A story of murder and an unlikely alibi witness as featured in This American Life's hit podcast Serial.
In 1999 Adnan Syed was arrested for murdering his ex-girlfriend Hae Min Lee. But at the same time he was accused of the crime, Asia McClain claims she saw Syed at the local library.
When McClain hears of Syed’s arrest, she wrote to him to let him know that she might be his alibi. In spite of the opportunity to have him proven innocent, Syed’s attorney did not take any action. Later, his attorney was disbarred due to numerous health problems including multiple sclerosis. She died in 2004.
Over a decade after Syed’s arrest, This American Life’s Sarah Koenig investigates the old case. Her interviews with McClain become the first subject of Koenig’s hugely successful podcast Serial and the story became an international internet phenomenon.
Determined to set the record straight and the truth free, McClain reaches out to Syed’s new defense attorney and on November 6, 2015, the court ordered an investigation to determine whether Syed’s case be re-opened "in the interests of justice for all parties.” Finally, McClain can become the key alibi witness that she was always meant to be.
Now, in Confessions of a Serial Alibi, Asia McClain tells her story for the very first time.
Customer ReviewsSee All
Intriguing and Insightful
This book delivers exactly what it promises, a first person narrative told by Asia. As someone who is intrigued by all things related to this case, I was excited by Undisclosed's version of Asia's testimony and even more excited to read her version. It's light hearted and conversational. A quick and easy read with additional insights. Thankful for people like Asia Chapman that stand up and tell the truth! A must read for anyone interested in the case, looking for Asia's version.
Perhaps I misunderstood the title and thought
it would give far more insight and info regarding the murder. Instead one receives
a potential witnesses's self- guilt or
self analysis of why her testimony was not
presented at the defendants trials.
The reader is presented with the authors life story intermixed with her explanation for not offering her testimony years earlier.
If one is seeking more substantive info regarding the case this is not the book. One can read the description of the book and get the the gist that the author has had info that
was not presented at the trials of the defendant and the reasons why. Very little new info is revealed.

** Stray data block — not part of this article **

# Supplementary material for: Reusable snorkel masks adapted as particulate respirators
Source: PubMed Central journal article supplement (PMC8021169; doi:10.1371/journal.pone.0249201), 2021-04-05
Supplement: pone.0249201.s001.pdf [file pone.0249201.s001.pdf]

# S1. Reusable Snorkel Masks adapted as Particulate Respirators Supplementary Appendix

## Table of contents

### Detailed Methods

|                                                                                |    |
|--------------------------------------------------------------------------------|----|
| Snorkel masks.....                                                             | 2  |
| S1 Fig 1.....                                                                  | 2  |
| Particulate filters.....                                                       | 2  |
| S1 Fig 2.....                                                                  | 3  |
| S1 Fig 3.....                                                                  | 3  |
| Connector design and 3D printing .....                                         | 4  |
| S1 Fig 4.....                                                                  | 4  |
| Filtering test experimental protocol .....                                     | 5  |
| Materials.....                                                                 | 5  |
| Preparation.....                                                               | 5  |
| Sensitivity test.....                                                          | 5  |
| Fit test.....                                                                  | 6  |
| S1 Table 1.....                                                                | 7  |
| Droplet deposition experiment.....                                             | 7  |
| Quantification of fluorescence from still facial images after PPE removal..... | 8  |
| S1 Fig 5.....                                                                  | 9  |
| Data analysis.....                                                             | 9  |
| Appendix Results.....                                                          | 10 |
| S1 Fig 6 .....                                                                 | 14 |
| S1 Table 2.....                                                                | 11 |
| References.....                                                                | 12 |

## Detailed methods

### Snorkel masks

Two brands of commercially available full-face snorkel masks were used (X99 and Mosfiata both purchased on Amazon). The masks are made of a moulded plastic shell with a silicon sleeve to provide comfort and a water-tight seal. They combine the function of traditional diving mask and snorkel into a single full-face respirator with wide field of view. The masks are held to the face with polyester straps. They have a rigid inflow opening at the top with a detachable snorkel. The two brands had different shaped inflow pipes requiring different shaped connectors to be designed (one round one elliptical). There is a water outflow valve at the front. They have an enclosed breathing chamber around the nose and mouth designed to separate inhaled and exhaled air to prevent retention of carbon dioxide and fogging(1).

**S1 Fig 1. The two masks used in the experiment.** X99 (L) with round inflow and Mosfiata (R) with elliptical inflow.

I was disappointed, however, perhaps I had other expectations.
Serial Alibi: Fact or Fiction
This memoir contains so many eyebrow-raising moments it's hard to know where to begin. What parts of it are fact; and what parts of it are fiction?
Let's start with the fact that Asia McClain was the subject of the first episode of "Serial: The Alibi". This eventually led to the reopening of the already denied post conviction relief hearing of Adnan Syed. Ms McClain did testify in February of 2016 in a proceeding in Maryland. The judge's revised ruling has not even been rendered yet. However, as strange as it may seem, Ms McClain has a book, not only ready for publication but already published, less than four months later. Ms McClain has noted in the preface of the book: "My lawyer Gary Proctor says it's better to not add fuel to the fire ...". One cannot help but agree. Any alibi Ms McClain may have been for Adnan Syed has now been tarnished ... forever.
This review will not address the truth or fallacy and all the inconsistencies of Ms McClain's alibi regarding the Adnan Syed case. That has been addressed elsewhere ad nauseum; and the prosecutor at the PCR hearing certainly did an amazing job of calling her entire story into question. What this review does address is the content of the 272 pages of McClain-Chapman's book. It is truly impossible to cull the fact from the fiction when the author can't even seem to do so herself.
During her dialog on "Serial", Ms McClain refers to a time in 2010 when an investigator for Adnan Syed came to her door to ask her to testify at the first PCR hearing. In that dialog, she says that her fiance answered the door and relayed her message that she did not want to speak with them. Strangely enough in the book Ms McClain says that she married her husband in 2009. How can a man be her husband in 2009 and her fiance in 2010?
Ms McClain writes about the Magnet Program at Woodlawn High School in Baltimore. Adnan Syed was a part of the program; but Asia McClain refers to herself as an "honorary magnet kid." Is there such a thing as an honorary magnet kid?
In Chapter Five: The Recommitment, Ms McClain discusses a time when she was visited by the ghost of the murder victim: “Slowly I felt the temperature change in my bedroom.” And then: “There, floating in midair, about four feet directly above me, was Hae Min Lee." Really?
There are a ton of other questionable statements in the book which leaves this reviewer unable to separate what is true and what isn't. If you are interested in reading about the birthday party of a nine year old or the antics of a teenager in late 20th century Baltimore, this book may be for you. For myself, and likely most others, I wish I could get my money back.